THE WHITE HOUSE
Office of the Press Secretary
For Immediate Release
November 13, 2000
STATEMENT BY THE PRESS SECRETARY
Today the Department of State, the Central Intelligence Agency, the
Department of Defense, the Federal Bureau of Investigation, the National
Archives and Records Administration, and the Department of Justice are
releasing newly declassified and other documents related to events in Chile
from 1968-91. These documents are part of a discretionary review of U.S.
government files related to human rights abuses, terrorism, and other acts
of political violence prior to and during the Pinochet era in Chile.
National Security Council staff coordinated this interagency effort on
behalf of the President.
Agencies made an initial release of approximately 5,800 documents on
June 30, 1999, concentrating on the period from 1973-78, which corresponds
to the period of the most flagrant human rights abuses in Chile. A second
release of over 1,100 documents concentrating on the years 1968-73 followed
on October 8, 1999. While the focus for this final release was on
documents dated from 1978-91, additional documents from the earlier periods
also are being released today.
This third and final release consists of more than 16,000 documents,
including approximately 13,050 from the Department of State, 1,550 from the
CIA, 620 from the Federal Bureau of Investigation, 370 from the Department
of Defense, 310 from the National Archives, 110 from the National Security
Council, and 50 from the Department of Justice. Information has been
withheld from some of the released documents to protect the privacy of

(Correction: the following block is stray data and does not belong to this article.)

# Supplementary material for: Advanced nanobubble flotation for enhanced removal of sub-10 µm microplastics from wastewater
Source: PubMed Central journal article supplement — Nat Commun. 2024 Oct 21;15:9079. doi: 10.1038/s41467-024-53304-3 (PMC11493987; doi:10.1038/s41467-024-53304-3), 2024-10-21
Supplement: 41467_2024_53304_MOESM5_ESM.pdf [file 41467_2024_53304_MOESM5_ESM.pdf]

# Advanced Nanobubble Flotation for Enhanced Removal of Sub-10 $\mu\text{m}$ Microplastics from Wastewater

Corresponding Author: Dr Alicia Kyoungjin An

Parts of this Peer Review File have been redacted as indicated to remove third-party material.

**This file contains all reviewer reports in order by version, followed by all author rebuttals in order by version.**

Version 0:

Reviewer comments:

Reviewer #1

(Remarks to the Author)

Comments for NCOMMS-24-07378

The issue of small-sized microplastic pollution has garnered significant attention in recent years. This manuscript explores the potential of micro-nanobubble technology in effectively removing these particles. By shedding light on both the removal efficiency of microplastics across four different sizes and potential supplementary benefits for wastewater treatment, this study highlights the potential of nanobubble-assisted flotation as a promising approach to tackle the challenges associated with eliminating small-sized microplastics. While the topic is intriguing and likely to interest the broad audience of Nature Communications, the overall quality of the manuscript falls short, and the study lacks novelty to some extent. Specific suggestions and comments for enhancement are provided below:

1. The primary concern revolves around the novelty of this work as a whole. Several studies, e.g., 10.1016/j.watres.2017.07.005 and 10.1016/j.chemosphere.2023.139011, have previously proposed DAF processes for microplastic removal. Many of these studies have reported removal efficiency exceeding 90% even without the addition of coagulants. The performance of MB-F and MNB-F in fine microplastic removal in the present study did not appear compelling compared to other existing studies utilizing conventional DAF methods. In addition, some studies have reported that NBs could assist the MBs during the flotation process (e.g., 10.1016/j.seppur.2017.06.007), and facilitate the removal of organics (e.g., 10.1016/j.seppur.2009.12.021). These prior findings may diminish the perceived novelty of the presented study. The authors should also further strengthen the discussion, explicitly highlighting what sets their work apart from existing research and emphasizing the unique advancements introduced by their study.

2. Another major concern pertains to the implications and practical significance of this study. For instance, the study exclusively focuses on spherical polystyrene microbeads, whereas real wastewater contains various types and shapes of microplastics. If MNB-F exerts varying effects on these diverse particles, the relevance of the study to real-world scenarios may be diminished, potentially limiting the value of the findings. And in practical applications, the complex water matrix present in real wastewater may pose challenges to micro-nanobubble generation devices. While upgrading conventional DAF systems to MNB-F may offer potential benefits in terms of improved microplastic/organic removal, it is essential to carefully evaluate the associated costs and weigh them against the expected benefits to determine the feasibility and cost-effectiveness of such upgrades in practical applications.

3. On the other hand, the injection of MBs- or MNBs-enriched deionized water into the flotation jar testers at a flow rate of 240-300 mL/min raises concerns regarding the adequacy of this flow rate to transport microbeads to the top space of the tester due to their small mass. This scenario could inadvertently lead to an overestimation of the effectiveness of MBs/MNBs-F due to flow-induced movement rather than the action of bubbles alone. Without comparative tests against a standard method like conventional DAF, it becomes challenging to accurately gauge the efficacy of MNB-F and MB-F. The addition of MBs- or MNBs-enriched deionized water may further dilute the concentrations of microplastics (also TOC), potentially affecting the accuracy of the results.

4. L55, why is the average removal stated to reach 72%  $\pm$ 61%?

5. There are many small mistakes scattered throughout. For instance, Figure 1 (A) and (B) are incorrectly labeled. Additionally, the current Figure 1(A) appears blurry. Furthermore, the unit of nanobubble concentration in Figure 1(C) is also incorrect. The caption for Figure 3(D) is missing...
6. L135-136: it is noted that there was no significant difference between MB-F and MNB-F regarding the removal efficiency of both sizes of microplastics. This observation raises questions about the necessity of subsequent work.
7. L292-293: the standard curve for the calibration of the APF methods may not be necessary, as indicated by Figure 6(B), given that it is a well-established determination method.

individuals, sensitive law enforcement information, and intelligence
sources and methods; or to prevent serious harm to ongoing diplomatic
activities of the United States.
One goal of the project is to put original documents before the public
so that it may judge for itself the extent to which U.S. actions undercut
the cause of democracy and human rights in Chile. Actions approved by the
U.S. government during this period aggravated political polarization and
affected Chile?s long tradition of democratic elections and respect for the
constitutional order and the rule of law.
The Chilean people deserve our praise and respect for courageously
reclaiming their proud history as one of the world?s oldest democracies.
Healing the painful wounds of the past, Chileans from across the political
spectrum have rededicated themselves to rebuilding representative
institutions and the rule of law. The United States will continue to work
closely with the people of Chile -- as their friend and partner -- to
strengthen the cause of democracy in Latin America and around the world.
A complete set of the released documents is available for public
review at the National Archives in College Park, Maryland. They also are
being released simultaneously in Chile. Copies of the documents will be
available on the Internet at http://foia.state.gov. Also available at this
website are copies of the September 2000 Hinchey Report on ?CIA
Activities in Chile? and the relevant 1975 Church Committee reports on